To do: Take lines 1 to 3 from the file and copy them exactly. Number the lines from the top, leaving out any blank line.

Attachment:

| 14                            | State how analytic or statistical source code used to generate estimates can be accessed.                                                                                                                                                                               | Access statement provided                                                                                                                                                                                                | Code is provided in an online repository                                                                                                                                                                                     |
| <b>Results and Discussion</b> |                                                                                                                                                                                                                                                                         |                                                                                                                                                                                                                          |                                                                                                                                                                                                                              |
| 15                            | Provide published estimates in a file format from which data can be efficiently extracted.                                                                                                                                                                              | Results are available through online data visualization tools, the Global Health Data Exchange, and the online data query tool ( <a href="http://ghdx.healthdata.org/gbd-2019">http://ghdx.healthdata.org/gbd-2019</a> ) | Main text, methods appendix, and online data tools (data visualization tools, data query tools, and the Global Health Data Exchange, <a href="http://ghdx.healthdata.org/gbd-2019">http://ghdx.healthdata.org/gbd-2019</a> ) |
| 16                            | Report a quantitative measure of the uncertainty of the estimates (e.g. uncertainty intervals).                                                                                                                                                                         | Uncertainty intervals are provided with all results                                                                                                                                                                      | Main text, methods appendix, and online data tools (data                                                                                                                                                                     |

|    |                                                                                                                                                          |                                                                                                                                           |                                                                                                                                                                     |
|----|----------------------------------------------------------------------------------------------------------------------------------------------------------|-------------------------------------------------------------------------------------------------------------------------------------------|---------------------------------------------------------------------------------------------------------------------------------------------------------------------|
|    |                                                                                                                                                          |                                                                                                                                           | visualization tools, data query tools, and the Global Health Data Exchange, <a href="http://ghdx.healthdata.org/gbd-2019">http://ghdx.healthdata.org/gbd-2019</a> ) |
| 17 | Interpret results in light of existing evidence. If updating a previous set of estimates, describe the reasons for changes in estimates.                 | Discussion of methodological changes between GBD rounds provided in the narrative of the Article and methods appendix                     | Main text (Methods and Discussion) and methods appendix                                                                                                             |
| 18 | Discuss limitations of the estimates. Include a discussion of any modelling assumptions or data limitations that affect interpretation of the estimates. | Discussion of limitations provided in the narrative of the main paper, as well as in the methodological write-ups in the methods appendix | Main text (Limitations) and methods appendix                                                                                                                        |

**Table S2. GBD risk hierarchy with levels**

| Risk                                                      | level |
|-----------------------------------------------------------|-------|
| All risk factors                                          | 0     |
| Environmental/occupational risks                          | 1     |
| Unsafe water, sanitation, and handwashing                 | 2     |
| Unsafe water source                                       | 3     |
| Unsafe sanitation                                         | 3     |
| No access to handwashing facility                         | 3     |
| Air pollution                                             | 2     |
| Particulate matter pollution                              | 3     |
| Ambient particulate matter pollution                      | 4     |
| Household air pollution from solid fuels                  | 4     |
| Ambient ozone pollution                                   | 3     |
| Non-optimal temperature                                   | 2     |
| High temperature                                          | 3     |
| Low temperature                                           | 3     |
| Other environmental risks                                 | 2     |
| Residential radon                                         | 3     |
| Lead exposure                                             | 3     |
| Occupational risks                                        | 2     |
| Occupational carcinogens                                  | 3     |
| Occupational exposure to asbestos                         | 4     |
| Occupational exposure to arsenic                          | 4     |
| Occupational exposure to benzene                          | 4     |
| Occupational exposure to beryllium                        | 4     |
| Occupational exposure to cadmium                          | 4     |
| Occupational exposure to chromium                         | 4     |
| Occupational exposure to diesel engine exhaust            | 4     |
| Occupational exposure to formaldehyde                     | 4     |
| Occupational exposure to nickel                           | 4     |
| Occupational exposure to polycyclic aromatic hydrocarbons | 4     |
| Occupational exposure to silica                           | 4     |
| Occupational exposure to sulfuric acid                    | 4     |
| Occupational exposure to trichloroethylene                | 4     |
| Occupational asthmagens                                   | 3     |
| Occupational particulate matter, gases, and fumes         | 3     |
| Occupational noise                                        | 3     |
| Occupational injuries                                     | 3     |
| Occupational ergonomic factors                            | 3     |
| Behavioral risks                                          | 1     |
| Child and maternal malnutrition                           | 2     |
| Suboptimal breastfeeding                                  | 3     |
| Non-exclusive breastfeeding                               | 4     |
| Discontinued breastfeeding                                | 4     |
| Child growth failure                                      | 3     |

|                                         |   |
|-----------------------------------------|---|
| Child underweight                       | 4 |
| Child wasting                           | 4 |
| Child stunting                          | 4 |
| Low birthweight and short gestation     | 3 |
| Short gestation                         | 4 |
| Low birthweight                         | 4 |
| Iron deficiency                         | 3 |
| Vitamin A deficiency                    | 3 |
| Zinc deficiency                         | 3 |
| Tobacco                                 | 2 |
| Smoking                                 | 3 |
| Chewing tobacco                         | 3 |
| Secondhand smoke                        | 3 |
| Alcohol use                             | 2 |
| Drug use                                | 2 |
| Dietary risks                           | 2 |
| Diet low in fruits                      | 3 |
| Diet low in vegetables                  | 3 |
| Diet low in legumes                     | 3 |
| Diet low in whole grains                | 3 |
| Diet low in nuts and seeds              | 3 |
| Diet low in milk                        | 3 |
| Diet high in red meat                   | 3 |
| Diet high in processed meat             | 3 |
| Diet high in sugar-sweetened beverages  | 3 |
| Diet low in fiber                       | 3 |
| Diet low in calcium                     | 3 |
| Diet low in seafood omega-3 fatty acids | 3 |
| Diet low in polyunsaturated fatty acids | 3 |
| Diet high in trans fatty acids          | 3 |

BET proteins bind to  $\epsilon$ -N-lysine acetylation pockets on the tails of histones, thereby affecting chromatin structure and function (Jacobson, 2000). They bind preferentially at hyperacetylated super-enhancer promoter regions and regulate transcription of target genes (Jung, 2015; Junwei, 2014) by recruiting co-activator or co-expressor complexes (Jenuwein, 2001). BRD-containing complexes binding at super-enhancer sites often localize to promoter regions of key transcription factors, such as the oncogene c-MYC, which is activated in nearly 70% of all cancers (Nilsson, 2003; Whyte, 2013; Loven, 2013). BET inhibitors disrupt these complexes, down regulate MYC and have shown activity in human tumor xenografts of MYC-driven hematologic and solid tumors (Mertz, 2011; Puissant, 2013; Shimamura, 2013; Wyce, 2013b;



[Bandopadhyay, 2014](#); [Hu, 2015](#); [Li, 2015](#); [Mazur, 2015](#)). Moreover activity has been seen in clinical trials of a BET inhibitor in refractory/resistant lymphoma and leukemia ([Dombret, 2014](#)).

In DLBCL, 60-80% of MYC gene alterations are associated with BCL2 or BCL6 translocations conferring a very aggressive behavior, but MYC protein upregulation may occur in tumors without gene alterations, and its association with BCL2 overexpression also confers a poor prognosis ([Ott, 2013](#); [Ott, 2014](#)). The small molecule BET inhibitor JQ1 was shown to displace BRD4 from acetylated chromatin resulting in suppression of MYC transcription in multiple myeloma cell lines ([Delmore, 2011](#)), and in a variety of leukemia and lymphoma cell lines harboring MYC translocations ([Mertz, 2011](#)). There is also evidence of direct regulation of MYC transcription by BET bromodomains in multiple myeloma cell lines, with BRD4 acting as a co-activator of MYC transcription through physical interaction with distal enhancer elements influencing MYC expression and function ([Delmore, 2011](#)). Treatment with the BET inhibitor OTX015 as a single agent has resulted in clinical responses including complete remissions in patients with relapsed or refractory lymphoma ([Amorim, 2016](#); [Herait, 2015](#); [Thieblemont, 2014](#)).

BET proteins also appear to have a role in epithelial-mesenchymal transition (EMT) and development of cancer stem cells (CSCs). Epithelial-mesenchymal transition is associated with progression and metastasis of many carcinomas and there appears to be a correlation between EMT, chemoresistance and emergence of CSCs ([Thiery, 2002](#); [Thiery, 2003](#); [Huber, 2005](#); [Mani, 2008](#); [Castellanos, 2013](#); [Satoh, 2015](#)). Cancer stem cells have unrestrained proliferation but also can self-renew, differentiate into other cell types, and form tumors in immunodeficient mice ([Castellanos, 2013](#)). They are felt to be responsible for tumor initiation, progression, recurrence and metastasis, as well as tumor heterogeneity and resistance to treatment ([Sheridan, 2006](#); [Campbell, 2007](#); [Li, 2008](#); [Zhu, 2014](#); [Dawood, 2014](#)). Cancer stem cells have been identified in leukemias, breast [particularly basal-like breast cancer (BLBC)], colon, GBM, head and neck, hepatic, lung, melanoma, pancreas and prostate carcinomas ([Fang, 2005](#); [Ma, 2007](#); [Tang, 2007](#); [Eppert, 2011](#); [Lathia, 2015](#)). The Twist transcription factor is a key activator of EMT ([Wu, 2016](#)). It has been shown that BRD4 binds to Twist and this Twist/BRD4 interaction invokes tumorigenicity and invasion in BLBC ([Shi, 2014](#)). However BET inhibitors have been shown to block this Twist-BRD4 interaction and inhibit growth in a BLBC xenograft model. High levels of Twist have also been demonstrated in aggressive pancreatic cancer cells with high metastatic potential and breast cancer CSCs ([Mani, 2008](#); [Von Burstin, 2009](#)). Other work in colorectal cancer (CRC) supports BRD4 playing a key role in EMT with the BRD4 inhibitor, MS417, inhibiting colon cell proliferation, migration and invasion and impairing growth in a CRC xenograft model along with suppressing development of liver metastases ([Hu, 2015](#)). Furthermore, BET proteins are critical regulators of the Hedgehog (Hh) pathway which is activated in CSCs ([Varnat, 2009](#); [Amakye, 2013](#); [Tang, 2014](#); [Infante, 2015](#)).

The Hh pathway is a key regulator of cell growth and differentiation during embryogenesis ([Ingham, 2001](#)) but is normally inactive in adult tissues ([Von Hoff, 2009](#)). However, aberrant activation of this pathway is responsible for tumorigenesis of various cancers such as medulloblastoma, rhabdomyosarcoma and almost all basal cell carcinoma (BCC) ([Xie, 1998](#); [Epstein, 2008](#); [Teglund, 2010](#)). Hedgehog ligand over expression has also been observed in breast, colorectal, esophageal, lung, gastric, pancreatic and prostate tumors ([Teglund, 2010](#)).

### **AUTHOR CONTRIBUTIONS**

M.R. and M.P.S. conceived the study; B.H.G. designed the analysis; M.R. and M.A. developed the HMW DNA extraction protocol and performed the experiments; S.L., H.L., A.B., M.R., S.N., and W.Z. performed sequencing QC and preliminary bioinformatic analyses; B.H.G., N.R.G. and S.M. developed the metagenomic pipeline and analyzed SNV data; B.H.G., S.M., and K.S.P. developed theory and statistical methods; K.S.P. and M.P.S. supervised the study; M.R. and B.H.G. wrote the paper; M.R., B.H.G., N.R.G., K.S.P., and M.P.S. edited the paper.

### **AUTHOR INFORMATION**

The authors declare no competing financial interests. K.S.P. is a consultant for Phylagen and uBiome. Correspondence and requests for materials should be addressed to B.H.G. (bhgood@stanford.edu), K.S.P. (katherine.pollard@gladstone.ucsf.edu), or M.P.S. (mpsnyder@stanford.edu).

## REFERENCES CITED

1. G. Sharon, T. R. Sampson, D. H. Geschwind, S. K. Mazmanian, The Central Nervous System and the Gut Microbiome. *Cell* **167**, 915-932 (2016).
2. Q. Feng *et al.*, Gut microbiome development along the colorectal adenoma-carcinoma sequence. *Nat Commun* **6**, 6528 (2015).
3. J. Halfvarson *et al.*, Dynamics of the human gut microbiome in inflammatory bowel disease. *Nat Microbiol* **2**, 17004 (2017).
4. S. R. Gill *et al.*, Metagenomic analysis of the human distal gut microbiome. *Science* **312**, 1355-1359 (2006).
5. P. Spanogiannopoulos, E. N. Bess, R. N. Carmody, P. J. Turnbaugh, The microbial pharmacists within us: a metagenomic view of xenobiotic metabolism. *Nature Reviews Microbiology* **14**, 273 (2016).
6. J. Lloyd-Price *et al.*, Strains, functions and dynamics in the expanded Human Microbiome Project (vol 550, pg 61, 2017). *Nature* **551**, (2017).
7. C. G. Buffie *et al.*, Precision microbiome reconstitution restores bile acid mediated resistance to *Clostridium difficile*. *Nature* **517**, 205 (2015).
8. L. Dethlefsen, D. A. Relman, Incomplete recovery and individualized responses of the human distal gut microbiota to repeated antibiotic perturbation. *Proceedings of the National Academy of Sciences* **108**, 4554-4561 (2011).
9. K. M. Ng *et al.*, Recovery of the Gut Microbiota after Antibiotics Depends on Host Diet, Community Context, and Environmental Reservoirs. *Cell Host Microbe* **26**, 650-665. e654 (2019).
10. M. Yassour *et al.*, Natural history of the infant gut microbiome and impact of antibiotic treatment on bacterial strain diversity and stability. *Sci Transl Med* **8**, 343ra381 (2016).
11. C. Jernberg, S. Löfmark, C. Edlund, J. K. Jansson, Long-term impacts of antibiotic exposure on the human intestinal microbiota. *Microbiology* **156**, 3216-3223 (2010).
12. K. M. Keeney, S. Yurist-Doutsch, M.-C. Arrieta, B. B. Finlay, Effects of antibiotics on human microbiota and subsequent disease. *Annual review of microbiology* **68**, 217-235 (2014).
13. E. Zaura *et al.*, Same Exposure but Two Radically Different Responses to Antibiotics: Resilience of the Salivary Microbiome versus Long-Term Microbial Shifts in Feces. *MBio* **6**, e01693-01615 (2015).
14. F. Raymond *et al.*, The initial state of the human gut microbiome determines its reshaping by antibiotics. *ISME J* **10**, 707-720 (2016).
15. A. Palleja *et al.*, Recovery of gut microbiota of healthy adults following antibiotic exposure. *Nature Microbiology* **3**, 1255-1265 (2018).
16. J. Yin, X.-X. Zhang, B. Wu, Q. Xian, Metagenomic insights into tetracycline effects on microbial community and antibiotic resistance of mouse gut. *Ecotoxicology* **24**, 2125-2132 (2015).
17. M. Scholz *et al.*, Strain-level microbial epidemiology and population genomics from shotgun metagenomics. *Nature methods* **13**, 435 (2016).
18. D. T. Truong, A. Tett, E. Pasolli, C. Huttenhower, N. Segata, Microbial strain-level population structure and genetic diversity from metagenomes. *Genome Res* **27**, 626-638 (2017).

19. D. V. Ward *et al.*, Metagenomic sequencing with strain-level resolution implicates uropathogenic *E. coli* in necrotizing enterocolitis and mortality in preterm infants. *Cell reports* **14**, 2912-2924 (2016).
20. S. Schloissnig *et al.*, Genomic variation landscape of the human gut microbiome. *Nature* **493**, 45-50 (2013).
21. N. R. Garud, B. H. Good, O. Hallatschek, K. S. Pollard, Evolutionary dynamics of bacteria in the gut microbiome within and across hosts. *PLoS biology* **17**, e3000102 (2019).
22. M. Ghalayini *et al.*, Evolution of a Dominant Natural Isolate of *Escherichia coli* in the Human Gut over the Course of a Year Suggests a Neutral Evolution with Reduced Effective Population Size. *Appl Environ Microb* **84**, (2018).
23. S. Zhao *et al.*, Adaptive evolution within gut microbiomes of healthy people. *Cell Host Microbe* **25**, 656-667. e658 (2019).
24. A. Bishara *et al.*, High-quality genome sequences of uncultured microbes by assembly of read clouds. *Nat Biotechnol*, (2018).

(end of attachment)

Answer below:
| 14                            | State how analytic or statistical source code used to generate estimates can be accessed.                                                                                                                                                                               | Access statement provided                                                                                                                                                                                                | Code is provided in an online repository                                                                                                                                                                                     |
| <b>Results and Discussion</b> |                                                                                                                                                                                                                                                                         |                                                                                                                                                                                                                          |                                                                                                                                                                                                                              |
| 15                            | Provide published estimates in a file format from which data can be efficiently extracted.                                                                                                                                                                              | Results are available through online data visualization tools, the Global Health Data Exchange, and the online data query tool ( <a href="http://ghdx.healthdata.org/gbd-2019">http://ghdx.healthdata.org/gbd-2019</a> ) | Main text, methods appendix, and online data tools (data visualization tools, data query tools, and the Global Health Data Exchange, <a href="http://ghdx.healthdata.org/gbd-2019">http://ghdx.healthdata.org/gbd-2019</a> ) |